Climate change will jeopardise development prospects across the world, imposing pressures on economic, social, and political systems that human civilisations have never experienced. Much has changed since the Glasgow climate negotiations at the end of last year. The latest science tells us that global greenhouse gas emissions must peak by 2025. Meanwhile, economies are struggling to recover from the pandemic while combatting rising inflation. And energy insecurity in Europe is threatening to derail faster investments in clean energy. Through the confusion can come clarity if Europe sees opportunity in India’s climate ambitions, energy transition, and economic transformation.
Dr Arunabha Ghosh is CEO, Council on Energy, Environment and Water (CEEW), one of the world’s leading climate think tanks, and a member of the UN Secretary-General’s High-Level Expert Group on Net-Zero Emissions Commitments of Non-State Entities.
India has approached the climate challenge through two lenses: Equity as the basis of climate justice, and a bias towards action. Historical inaction and tepid ambition from the largest polluters have become a death sentence for many low-lying countries and for hundreds of millions of people living in vulnerable parts of the world. Into this feeling of despair and desperation came India’s ‘Panchamrit’, a five-part formula for sustainable development, which Prime Minister Modi announced in Glasgow last November as climate negotiations commenced.
What do India’s commitments mean? India must install a breathless 10.5 MW of renewable energy capacity every working hour for the next nine years to achieve the target of building 500 GW of non-fossil electricity capacity by 2030. Prime Minister Modi also talked about cutting carbon emissions by one billion tonnes by 2030. This translates into a 3% reduction against projected emissions within this decade (when industrialised countries had reduced emissions by only 3.7% since 1990). India also plans to reduce the carbon intensity of its GDP by 45 per cent by 2030 (upgrading it from the 33-35% original target); it has already reduced by 24% during 2005-2016.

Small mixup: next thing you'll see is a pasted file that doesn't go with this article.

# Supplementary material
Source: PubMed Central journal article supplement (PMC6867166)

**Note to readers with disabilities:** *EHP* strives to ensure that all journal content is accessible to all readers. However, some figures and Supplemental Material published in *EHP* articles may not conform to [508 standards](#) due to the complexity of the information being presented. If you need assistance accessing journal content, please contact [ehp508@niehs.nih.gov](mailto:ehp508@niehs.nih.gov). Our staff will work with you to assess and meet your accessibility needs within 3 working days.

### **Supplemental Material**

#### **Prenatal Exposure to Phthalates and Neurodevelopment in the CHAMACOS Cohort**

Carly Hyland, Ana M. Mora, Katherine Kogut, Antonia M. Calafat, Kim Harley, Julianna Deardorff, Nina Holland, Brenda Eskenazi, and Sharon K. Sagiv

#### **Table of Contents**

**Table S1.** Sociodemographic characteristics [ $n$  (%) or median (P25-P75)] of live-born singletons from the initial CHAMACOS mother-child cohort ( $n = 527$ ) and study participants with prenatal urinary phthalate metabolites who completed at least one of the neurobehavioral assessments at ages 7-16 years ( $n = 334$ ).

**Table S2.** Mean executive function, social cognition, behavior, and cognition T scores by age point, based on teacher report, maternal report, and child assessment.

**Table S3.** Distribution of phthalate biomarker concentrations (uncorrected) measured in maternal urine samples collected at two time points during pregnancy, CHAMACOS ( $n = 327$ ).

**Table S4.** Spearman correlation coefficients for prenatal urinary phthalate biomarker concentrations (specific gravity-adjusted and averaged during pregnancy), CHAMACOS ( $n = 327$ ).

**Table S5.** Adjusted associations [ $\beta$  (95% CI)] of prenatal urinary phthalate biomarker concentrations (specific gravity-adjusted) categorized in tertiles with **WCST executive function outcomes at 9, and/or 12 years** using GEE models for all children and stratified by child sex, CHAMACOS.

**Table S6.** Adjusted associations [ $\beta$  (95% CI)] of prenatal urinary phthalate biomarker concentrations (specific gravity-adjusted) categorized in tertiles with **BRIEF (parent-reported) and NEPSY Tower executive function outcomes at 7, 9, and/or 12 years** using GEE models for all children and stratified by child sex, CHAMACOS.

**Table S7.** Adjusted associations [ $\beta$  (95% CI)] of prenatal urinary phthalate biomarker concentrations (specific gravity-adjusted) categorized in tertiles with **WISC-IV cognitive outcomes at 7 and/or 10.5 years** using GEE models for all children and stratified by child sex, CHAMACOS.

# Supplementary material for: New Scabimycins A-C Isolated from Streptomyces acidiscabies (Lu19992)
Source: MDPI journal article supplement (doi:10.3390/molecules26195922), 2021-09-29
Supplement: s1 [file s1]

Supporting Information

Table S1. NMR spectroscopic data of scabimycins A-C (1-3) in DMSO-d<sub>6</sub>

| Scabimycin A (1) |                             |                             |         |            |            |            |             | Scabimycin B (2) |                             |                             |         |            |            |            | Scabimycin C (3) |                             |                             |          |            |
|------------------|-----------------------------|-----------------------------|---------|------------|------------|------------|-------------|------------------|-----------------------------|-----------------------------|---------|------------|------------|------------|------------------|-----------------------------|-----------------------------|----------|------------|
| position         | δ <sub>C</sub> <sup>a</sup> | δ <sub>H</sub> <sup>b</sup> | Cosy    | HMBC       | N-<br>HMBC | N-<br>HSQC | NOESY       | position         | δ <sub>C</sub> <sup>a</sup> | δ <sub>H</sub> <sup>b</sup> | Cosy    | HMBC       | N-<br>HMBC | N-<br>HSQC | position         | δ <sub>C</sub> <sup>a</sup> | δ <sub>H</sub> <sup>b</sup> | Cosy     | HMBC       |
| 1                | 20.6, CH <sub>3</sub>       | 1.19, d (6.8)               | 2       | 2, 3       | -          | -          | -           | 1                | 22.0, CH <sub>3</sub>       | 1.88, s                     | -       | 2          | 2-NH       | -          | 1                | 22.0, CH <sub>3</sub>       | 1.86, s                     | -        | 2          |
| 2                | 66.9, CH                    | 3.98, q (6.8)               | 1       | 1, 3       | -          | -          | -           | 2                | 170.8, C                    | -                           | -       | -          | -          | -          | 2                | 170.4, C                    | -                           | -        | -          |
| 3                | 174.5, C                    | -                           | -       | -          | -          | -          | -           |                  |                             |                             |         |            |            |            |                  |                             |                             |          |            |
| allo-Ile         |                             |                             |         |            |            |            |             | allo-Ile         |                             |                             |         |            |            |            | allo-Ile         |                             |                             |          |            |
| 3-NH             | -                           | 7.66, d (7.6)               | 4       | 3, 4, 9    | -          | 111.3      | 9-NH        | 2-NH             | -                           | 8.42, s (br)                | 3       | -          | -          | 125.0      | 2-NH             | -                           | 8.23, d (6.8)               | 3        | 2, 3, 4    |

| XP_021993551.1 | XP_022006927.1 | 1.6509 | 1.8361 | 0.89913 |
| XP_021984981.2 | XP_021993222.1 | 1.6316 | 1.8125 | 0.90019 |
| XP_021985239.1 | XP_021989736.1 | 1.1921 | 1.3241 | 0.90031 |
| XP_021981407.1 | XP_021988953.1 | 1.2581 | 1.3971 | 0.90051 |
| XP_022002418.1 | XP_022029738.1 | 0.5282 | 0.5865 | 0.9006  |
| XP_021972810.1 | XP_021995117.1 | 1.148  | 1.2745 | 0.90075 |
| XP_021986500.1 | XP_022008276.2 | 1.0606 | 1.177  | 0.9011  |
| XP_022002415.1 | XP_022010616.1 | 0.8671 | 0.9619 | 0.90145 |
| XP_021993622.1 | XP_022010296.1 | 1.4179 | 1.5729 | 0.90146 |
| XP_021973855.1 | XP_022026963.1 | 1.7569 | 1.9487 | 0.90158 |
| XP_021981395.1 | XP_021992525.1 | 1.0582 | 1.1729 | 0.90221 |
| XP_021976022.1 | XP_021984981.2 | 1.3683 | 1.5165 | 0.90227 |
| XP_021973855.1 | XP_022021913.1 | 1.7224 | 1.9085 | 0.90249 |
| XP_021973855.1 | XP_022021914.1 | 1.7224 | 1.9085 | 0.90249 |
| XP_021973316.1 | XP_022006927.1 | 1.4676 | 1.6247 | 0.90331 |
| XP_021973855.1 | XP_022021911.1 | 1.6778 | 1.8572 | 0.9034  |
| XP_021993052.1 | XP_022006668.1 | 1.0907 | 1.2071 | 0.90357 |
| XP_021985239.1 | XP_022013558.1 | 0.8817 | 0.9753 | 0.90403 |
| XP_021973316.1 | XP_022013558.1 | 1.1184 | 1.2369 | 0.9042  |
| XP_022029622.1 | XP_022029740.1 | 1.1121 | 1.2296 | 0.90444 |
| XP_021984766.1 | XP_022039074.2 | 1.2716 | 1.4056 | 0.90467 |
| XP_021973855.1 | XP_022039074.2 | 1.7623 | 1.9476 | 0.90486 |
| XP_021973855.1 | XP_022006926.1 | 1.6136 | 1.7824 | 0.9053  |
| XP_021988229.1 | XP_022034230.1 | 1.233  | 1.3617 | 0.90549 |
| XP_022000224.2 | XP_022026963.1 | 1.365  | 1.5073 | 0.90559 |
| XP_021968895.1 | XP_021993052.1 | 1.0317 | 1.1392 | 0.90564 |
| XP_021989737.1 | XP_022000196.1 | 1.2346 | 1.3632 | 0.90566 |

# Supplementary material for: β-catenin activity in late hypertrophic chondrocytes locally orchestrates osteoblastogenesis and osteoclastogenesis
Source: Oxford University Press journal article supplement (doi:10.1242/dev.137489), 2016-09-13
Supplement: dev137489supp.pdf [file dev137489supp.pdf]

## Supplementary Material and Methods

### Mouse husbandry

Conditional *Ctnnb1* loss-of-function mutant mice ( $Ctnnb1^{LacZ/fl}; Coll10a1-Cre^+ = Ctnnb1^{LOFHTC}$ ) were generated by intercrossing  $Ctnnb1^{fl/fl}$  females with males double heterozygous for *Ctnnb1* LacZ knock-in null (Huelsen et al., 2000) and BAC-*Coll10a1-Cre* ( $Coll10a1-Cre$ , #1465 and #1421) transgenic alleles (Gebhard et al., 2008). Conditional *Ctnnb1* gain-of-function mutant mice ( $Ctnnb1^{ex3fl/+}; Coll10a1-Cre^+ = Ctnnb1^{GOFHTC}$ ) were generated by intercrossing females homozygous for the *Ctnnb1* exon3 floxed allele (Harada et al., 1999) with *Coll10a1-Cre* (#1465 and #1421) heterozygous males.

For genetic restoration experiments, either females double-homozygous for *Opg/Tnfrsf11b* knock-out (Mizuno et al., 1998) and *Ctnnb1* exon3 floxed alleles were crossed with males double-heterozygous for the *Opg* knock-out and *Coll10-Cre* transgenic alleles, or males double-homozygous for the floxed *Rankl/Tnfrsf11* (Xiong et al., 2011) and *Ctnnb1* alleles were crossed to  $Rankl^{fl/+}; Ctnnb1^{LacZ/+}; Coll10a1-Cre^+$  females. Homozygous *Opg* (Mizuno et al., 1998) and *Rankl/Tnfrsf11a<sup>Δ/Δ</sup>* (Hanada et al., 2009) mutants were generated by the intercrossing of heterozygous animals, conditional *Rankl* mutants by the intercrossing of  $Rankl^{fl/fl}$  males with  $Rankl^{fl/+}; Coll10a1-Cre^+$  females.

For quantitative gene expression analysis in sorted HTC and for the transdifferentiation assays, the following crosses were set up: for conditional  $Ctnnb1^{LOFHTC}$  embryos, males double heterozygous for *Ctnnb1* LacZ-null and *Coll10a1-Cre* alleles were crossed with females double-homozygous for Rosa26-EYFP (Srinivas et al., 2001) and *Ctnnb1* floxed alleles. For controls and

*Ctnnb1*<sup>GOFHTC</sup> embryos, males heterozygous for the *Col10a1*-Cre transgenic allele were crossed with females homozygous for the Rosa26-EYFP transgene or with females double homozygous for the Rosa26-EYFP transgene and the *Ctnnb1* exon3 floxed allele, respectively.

Modi capped this with a commitment that India would reach net-zero emissions by 2070. Independent analysis suggests that if all countries met their targets the world could be on track for 1.8 degrees of warming over industrial levels. The Intergovernmental Panel on Climate Change, however, fears that on current trajectories global warming could be far higher. This makes India’s announcement even more consequential.
In effect, the net-zero announcement is a call for an economic transformation with sustainable lifestyles at its core. The Council on Energy, Environment and Water (CEEW) analyses that India will need 5630 gigawatts of solar power by 2070. Another 1792 GW of wind power will be needed, 79% of freight trucks will have to be electric (the rest fuelled by green hydrogen), electricity’s share in industrial energy will have to jump from 16% today to 65% in 2070, and crude oil use must peak by 2050 and drop 90% during 2050-70. CEEW’s Centre for Energy Finance estimates that the transition in power, mobility and green hydrogen will need USD 10.1 trillion (in 2020 prices).